He was born on a farm in Canard, left school to become a ship’s carpenter after receiving a grade 8 education and rose to become one of the most renowned builders of his time in the Annapolis Valley.

As I had written in an earlier column on Charles Hemmeon Wright, many “landmark buildings” still stand in this area as testaments to his accomplishments. Among them are churches in Wolfville and Kentville and War Memorial Gymnasium at Acadia University. In partnership with prominent Valley industrialist R. A. Jodrey, Mr. Wright also pioneered the generation of electric power in this region.

The story of Charles Wright’s rise to fame as a builder, and his tragic demise at the height of his career, has been told in a book written by his granddaughter, Daphnee Frazee of Gaspereau. Charles H. Wright, Building Memories, will be launched at the Kings County Museum on Friday, October 22. Ms. Frazee traces the career of Charles Wright whom I believe has been overlooked when it comes to recognising Valley builders and pioneering entrepreneurs. Hopefully, this work on his career will bring Wright the recognition he has long deserved.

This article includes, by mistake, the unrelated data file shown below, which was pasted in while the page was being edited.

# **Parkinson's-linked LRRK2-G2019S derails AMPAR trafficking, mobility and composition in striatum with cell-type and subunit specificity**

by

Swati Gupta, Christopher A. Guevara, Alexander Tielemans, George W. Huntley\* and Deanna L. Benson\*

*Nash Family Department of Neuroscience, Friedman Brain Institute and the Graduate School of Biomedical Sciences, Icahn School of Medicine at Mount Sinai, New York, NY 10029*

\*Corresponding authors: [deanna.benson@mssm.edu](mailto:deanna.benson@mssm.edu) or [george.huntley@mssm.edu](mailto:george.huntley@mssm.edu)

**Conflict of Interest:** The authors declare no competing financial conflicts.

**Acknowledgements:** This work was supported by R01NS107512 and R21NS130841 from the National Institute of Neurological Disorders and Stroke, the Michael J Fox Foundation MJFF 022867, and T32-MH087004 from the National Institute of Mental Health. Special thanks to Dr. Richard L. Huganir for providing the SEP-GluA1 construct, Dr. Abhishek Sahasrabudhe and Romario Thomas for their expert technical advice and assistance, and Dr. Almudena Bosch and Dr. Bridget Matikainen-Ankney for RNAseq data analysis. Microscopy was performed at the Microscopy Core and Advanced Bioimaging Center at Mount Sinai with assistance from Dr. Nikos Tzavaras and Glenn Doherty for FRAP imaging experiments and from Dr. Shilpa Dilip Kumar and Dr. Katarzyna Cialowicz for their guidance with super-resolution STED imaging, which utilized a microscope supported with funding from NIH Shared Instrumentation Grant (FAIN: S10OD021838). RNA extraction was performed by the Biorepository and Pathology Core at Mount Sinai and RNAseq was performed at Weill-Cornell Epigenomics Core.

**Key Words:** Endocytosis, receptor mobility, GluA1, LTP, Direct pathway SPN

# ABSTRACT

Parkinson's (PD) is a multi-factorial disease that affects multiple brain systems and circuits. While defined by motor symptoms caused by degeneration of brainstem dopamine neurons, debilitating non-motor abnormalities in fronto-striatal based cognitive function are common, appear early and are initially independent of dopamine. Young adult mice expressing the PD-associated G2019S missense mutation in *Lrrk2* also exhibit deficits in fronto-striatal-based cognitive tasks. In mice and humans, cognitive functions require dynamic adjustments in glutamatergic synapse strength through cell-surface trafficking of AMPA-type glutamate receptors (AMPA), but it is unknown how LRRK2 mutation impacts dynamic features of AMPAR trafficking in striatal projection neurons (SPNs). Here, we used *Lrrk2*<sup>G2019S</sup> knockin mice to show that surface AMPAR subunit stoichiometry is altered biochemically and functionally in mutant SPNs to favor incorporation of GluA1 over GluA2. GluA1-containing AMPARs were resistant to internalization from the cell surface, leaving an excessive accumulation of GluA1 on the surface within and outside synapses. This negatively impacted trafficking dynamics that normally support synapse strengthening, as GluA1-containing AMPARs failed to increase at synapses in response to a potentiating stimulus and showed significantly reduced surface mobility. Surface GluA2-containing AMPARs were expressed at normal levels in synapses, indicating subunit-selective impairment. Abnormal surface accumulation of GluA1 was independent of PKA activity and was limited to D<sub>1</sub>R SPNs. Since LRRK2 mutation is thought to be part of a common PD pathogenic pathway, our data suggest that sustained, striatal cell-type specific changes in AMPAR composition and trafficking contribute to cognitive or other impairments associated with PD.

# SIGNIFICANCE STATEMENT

The book launching will take place from 2 to 4 p.m. and is open to the public. Ms. Frazee will be on hand to autograph books and talk about her grandfather.

Power Pioneer

Regarding Mr. Wright as a pioneer entrepreneur, Internet historian Ivan Smith sent me an excerpt from the minutes of a 1920 meeting of Canning ratepayers which illustrates the role Wright played in bringing electricity to this area. At the meeting, the ratepayers discussed the purchasing of electric power from “Messrs Wright and Jodrey of Wolfville at their offer of five cents per kilowatt hour.”

As Ivan Smith points out ” ‘Messrs Wright and Jodrey of Wolfville’ were Roy A. Jodrey and Charles H. Wright, the controlling shareholders in Avon River Power Company Limited, Gaspereau River Light, Heat & Power Company Limited, Gaspereau Valley Electric Light Company Limited, and other companies producing and distributing electric power in Kings and Hants Counties in the early 1920s.”

Smith notes that Wright was R. A. Jodrey’s business partner from about 1910 until Wright’s death in 1929 in a railway crossing accident.

Sham Fights Explained

In last week’s column on the 1909 diary of Dimock Bowlby, I quoted an entry referring to a “sham fight” during militia training at Aldershot Camp. Gordon Hansford called to explain that militia units training before World War 1 often consisted of holding manoeuvres that were like real battles. “They did everything but carry loaded weapons and shoot at each other,” Hansford said. During the heat of the mock battle the competition between units often lead to real fights with fists, he said.

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